Keiryu fishing is becoming increasingly popular in the US.
TenkaraBum.com has been offering keiryu rods since 2012. Up until recently, though, most have been
used for tenkara fishing. That is changing and more people are using the
rods as they are used in Japan (or at least, closer to the way they are
used in Japan), with extremely light lines, markers, split shot and bait. Some do use heavily weighted artificial nymphs instead of split shot and live bait.
With the increased interest in keiryu fishing, I have been getting more and more questions about the construction of keiryu lines. I have hesitated to write a page on keiryu lines because the way I make them is not the way they are generally made in Japan. I did not want to mislead people or chart a new course, but the questions have reached critical mass.
I think it
is perhaps better to provide some guidance, with the caveat that
although these lines work for me they are not what you would find in
Japan. (What actually is used in Japan would take a completely new page with extensive diagrams because we do not have the proper terminology to easily describe what is used.)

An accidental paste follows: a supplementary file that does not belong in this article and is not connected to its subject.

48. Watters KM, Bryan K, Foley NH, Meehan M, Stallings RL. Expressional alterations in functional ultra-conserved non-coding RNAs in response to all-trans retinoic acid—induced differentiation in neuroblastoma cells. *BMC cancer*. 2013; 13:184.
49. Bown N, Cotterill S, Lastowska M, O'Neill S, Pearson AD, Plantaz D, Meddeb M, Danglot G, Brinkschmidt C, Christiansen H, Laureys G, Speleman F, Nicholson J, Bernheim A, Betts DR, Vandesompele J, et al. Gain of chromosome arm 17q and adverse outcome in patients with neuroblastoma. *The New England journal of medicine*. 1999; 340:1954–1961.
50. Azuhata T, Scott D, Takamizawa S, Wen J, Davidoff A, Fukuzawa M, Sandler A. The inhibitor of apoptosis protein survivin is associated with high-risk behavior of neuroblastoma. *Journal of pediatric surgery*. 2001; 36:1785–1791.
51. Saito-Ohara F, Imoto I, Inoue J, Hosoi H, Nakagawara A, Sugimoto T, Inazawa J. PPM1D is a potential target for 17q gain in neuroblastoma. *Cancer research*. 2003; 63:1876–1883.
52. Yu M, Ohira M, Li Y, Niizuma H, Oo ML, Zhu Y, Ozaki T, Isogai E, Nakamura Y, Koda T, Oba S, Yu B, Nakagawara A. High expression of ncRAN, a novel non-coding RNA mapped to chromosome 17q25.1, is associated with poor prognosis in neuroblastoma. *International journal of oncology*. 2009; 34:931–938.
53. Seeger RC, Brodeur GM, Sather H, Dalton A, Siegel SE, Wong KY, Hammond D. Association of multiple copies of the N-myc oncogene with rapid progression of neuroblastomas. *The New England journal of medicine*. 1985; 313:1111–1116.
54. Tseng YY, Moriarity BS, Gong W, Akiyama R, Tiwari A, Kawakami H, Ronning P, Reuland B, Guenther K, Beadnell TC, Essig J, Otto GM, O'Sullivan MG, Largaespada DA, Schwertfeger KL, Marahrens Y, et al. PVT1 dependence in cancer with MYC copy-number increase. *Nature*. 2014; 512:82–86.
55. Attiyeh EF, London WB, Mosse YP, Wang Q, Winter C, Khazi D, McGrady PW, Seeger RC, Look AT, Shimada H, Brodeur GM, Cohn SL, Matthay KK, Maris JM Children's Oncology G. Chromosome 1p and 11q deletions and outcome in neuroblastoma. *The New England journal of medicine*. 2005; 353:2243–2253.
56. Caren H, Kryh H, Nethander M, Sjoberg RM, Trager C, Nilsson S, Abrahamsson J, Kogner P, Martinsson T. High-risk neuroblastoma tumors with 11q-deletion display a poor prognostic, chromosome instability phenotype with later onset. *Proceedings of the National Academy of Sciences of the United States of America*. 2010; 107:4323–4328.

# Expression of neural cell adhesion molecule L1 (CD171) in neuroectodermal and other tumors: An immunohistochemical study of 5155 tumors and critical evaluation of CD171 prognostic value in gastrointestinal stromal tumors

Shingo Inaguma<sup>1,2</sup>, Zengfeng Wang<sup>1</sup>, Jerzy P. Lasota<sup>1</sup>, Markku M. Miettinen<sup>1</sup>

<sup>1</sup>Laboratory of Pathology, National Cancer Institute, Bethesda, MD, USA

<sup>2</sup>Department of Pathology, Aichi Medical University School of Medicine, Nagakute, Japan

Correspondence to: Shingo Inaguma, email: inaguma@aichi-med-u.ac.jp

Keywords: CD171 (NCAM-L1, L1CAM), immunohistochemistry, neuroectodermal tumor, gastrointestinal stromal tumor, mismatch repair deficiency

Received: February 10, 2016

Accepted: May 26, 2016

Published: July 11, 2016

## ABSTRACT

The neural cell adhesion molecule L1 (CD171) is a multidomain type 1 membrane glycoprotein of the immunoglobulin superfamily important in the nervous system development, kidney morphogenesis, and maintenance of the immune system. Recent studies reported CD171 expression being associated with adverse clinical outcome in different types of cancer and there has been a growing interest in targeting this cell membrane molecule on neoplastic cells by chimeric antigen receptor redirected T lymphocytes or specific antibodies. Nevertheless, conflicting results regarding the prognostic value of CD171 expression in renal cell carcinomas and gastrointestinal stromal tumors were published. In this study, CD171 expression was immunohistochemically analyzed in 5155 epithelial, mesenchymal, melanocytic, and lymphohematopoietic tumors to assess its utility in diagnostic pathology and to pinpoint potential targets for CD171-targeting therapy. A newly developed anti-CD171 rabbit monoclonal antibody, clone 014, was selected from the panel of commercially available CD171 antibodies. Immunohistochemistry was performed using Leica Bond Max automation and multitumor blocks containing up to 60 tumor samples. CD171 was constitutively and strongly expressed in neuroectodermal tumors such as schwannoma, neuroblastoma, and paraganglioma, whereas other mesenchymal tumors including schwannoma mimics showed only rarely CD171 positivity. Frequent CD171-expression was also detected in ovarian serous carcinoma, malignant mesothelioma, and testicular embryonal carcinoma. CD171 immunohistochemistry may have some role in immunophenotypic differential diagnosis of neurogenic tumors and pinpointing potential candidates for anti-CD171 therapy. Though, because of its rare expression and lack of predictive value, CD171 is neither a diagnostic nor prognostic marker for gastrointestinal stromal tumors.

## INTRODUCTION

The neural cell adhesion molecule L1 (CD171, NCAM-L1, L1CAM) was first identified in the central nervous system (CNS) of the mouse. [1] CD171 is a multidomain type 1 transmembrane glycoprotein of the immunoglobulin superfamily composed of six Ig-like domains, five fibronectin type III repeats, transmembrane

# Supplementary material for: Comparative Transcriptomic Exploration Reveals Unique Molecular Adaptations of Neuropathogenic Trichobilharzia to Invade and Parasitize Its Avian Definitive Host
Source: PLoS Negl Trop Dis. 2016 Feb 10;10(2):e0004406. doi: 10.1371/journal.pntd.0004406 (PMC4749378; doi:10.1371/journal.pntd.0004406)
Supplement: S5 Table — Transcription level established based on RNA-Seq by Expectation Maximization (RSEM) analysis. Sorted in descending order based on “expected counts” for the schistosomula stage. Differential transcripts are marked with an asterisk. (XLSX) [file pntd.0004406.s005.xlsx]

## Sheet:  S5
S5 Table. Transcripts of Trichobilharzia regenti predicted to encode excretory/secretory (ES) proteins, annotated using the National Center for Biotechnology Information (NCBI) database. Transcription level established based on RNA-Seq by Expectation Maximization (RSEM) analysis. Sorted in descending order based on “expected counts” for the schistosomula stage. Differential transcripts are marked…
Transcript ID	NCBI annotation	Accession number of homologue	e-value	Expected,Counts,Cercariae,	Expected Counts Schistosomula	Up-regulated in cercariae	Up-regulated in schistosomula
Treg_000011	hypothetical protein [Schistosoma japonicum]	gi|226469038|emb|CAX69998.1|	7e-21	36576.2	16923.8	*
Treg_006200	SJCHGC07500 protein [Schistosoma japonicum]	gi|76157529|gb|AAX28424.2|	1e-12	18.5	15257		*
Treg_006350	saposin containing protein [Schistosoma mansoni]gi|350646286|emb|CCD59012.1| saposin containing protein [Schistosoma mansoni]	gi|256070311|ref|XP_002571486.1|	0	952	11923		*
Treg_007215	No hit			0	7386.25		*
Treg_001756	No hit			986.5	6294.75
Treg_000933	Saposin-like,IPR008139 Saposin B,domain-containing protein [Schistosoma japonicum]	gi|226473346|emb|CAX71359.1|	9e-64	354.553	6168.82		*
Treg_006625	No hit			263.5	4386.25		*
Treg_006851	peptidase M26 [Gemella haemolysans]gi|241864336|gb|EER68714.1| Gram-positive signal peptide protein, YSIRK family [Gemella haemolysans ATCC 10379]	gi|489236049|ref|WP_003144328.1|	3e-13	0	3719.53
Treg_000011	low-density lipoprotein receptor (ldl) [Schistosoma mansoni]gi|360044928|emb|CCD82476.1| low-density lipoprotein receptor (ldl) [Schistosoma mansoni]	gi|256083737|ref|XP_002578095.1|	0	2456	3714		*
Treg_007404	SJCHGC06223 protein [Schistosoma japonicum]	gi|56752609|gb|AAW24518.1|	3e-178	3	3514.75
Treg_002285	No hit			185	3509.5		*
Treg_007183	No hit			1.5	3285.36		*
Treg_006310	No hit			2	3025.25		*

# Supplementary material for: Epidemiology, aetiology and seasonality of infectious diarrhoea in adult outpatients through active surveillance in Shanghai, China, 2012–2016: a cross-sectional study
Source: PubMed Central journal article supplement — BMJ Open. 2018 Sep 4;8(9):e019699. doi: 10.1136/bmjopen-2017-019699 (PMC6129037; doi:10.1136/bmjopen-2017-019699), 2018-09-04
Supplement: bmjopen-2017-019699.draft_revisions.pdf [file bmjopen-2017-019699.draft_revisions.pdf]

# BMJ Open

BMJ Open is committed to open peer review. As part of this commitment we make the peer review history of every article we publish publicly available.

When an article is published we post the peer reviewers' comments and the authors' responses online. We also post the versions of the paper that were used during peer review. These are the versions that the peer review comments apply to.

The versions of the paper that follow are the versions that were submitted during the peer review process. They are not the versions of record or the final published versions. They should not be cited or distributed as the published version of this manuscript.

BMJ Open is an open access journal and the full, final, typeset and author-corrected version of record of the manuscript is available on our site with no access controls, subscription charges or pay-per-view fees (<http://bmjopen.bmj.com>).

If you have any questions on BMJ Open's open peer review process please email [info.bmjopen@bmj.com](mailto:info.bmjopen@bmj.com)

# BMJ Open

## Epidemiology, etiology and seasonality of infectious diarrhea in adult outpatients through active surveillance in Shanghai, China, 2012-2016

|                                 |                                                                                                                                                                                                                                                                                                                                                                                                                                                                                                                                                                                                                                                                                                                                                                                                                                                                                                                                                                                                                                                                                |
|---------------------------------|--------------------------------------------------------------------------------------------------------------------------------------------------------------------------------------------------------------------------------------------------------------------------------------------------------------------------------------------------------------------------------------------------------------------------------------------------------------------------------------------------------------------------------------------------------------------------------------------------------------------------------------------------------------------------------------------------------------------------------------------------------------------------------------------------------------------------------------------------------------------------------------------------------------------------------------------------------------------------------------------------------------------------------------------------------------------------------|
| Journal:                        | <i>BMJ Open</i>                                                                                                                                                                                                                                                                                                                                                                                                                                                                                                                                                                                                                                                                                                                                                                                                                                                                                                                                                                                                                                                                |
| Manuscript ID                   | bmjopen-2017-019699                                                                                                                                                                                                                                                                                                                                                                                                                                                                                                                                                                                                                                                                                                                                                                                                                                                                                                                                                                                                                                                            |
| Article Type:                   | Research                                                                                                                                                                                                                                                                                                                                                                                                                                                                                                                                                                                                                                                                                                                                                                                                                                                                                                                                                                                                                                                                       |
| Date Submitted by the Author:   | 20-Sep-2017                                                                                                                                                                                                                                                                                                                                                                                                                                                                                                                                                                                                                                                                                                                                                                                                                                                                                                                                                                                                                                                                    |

Keiryu lines are considerably lighter than tenkara lines and are essentially tippet material for the full length of the line. They do not need to be hi-vis because keiryu yarn markers are tied around the line for strike detection.
I use 3 or 4 markers of different colors, 2-3" apart, with the lowest one kept above the water's surface. The knots used allow you to slide the markers up and down the line to adjust for water depth, but they will stay where you put them.
Keiryu anglers use split shot to get their bait down to the fish and they cast the weight of the shot rather than the weight of the line. Not only can the line thus be pretty light, lighter is better.
The lighter the line, the less it sags from its own weight. Lighter line also experiences less wind resistance during the cast and is affected less by wind after the cast is made.